Diagnosing the cause of your knee pain will depend on the type of pain you’re feeling, along with where and when it occurs.
Common causes of knee pain include knee injury with tendonitis, knee degeneration and arthritis. A knee injury can affect any of the ligaments, tendons or fluid-filled sacs (bursae) that surround your knee joint, as well as the bones, cartilage and ligaments that form the joint itself.
Other causes of knee pain can include diseases or conditions that involve the hip joint, the soft tissues and bones around the knee, or the nerves that supply sensation to the knee area. The knee is also commonly involved in inflammatory arthritis, including rheumatoid disease, or immune diseases that affect widespread tissues of the body.
Location of knee pain
The location of your knee pain can help identify the cause of the problem:
- Pain on the front of the knee: can be due to bursitis, tendon irritability of either the patellar tendon or quadriceps tendon, or arthritis affecting patella surface cartilage, in later life.
- Pain on the sides of the knee: commonly related to injuries to the collateral ligaments, or meniscal cartilage tears. In later life, this pain may be related to joint wear and degeneration, or osteoarthritis.
- Pain in the back of the knee: often due to meniscal tears, cysts- known as Bakers cysts (an accumulation of joint fluid behind the knee).
- Overall knee pain: can be due to bursitis, arthritis, ligament tears, osteoarthritis or infection, in rare occasions.
Swelling of the knee is a common symptom for variety of knee problems. The speed at which the swelling appears may help indicate its cause:
- Knee swelling that occurs rapidly up to an hour after an injury is most commonly caused by an injury to the anterior cruciate ligament. This can also be due to a meniscal cartilage tear or a fracture.
- If your swelling develops gradually over hours or days, the injury is more likely produced by a meniscal tear or a ligament sprain.
- Swelling that occurs spontaneously, without any known injury, can be the result of a number of conditions, including osteoarthritis, meniscal tears due to wear and tear, reactive synovitis (inflammation of the lining of the joint), gout, rheumatological diseases or a septic arthritis (infection).
If your knee locks you are unable to bend or fully straighten it. Knee locking generally results from two different types of medical conditions:
- A mechanical block to knee motion, for example, when a piece of loose cartilage or bone wedges within your knee joint. This is most often due to a meniscal tear.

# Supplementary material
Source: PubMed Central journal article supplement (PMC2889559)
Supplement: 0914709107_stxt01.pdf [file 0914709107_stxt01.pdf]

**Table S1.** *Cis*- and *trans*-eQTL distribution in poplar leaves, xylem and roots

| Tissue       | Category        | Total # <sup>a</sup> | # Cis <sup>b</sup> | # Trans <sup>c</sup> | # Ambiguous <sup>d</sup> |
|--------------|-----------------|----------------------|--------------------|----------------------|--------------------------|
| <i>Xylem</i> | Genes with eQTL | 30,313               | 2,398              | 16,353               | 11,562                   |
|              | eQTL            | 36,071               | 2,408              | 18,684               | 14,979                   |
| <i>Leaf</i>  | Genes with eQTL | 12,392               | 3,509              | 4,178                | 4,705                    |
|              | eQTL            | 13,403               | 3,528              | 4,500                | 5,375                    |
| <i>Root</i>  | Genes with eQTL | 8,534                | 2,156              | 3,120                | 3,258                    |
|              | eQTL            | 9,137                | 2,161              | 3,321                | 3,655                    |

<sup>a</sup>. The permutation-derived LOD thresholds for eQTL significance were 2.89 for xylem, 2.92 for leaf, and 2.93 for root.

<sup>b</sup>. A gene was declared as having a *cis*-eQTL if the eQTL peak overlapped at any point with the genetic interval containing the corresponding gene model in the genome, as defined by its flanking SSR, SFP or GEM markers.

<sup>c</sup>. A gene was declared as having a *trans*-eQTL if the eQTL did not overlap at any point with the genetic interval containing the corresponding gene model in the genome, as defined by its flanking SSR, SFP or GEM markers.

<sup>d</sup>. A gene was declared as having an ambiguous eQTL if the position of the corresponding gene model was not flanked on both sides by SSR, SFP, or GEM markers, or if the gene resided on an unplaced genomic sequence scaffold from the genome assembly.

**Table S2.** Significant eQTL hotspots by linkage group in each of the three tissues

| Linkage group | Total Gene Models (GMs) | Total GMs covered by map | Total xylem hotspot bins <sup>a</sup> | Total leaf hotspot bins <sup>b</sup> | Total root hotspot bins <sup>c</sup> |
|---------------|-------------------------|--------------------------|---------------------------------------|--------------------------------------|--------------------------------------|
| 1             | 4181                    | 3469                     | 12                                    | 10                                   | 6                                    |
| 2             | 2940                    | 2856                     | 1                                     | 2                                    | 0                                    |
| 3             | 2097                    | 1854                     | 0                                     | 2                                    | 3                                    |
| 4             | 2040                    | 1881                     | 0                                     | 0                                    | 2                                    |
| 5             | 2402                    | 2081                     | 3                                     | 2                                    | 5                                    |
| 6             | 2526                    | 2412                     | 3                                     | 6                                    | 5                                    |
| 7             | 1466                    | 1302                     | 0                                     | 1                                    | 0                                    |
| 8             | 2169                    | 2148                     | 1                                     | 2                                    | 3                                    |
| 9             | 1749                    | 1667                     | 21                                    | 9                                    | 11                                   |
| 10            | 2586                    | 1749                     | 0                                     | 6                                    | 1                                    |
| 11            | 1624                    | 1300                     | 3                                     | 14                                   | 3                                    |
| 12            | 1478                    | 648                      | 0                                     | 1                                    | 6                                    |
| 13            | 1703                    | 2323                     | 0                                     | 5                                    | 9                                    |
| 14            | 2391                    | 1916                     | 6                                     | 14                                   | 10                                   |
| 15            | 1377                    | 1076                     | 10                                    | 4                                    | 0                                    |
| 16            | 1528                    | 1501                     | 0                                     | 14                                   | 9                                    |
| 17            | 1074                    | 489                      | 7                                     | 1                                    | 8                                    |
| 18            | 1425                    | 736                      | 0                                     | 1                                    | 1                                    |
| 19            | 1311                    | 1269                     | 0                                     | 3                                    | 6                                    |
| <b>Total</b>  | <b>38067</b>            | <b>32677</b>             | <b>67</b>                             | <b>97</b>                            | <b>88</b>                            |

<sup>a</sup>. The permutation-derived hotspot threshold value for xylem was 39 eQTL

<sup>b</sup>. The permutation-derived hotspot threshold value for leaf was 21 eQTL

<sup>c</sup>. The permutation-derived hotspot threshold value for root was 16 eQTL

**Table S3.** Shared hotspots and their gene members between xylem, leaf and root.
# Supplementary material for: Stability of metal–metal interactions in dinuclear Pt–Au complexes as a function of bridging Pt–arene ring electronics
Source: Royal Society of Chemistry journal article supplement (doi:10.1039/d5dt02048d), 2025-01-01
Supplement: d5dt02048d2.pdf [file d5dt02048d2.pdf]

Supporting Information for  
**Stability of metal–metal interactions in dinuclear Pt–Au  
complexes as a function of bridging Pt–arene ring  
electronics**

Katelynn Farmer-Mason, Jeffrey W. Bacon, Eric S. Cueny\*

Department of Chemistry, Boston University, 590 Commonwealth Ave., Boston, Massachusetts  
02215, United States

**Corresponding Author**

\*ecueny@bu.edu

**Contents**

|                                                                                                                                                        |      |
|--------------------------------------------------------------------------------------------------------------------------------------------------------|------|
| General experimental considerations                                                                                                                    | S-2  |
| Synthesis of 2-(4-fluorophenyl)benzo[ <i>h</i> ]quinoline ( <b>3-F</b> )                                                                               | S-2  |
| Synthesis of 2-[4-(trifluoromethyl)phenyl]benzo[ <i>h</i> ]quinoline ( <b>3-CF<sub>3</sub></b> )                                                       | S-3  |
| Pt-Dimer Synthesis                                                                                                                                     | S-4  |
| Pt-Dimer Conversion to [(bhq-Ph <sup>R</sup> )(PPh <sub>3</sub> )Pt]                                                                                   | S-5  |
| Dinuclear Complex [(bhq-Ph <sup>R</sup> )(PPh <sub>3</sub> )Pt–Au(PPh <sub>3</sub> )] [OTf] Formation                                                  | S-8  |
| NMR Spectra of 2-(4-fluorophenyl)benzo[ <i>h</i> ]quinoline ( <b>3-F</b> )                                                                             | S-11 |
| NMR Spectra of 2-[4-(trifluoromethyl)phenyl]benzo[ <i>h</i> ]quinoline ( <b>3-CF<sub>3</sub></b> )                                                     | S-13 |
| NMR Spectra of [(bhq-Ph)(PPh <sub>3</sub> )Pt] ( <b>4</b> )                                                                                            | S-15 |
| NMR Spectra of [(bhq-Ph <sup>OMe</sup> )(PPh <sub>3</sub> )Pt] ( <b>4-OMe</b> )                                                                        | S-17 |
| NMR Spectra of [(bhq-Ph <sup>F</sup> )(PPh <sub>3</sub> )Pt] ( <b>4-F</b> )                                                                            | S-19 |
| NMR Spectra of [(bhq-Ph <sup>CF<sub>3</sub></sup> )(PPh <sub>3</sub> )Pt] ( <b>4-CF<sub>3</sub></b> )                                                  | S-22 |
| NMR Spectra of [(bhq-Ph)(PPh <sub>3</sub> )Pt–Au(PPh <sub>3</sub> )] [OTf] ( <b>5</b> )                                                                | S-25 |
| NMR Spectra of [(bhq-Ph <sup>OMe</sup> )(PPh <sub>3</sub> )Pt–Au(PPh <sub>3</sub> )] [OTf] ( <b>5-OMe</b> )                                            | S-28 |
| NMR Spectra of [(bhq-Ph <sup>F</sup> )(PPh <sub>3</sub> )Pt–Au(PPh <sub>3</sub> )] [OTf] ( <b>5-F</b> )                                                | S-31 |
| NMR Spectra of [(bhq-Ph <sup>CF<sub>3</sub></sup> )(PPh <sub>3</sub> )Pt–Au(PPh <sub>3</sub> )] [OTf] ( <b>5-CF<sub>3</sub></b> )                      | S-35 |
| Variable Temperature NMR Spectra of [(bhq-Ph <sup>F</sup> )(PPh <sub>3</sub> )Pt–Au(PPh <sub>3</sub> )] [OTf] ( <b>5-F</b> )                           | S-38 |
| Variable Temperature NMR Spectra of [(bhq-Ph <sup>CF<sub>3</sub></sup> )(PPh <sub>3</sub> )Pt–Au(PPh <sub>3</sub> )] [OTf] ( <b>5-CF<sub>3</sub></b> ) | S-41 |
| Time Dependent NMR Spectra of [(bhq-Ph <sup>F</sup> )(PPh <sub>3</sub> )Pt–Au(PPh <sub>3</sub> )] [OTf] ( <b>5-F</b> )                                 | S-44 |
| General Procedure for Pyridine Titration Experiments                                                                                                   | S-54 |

- Alternatively, knee ‘pseudo-locking’ may occur, which is caused by pain that limits normal knee motion. This may be due to various conditions, such an inflammatory arthritis, gout or septic arthritis (infection).
If you have a mechanical block to normal knee movement, you will need to see an orthopaedic surgeon as soon as possible, who is likely to advise arthroscopic surgery (keyhole surgery) to relieve the problem.
You may find it difficult to determine whether or not there is a mechanical block to your knee motion, or to decide if pain is the issue. Start by undergoing a consultation and physical examination, which can usually determine the cause of your locking.
Knee stiffness refers to the loss of the normal range of movement of the joint. Joint stiffness may be caused by a mechanical blockage to movement, or inflammation in the synovium – the lining of the joint, which can be a response to various types of arthritis.
Many patients with inflammatory arthritis feel joint stiffness early in the morning. Osteoarthritis stiffness tends to get worse during the day, especially after exercise such as long walks.
With inflammatory arthritis, such as rheumatoid arthritis or systemic lupus erythematosus, the stiffness can last more than 45 minutes upon waking. However, this stiffness also tends to improve as the day goes on.
As one of the earliest symptoms of arthritis, knee joint stiffness is often a sign that you should see a doctor or knee specialist for a thorough physical examination to arrive at an accurate diagnosis.
Various knee conditions can result in knee instability, where your knee feels as if it is ‘giving way’:
- Knee instability is most commonly due to a ligament injury. The knee is held together by ligaments that connect the shin bone (tibia) to the thigh bone (femur), and stabilise the knee. When one or more of the ligaments are stretched or torn, the knee may feel unstable, as if it is going to give way and collapse.
- Intermittent knee instability, with sudden, sharp knee pain, can result from a meniscal cartilage tear, where loose cartilage can get trapped in the knee joint. This can also be associated with painful clicking.
- You can experience a sensation of instability due to other injuries with produce knee pain. Although you may feel as though the knee wants to give way, this sensation is not always due to a knee ligament injury.
The key findings of ligament injury and instability can be detected on physical examination, when a knee surgeon, or sports medicine doctor can test the stability of each ligament and determine if it is functioning properly.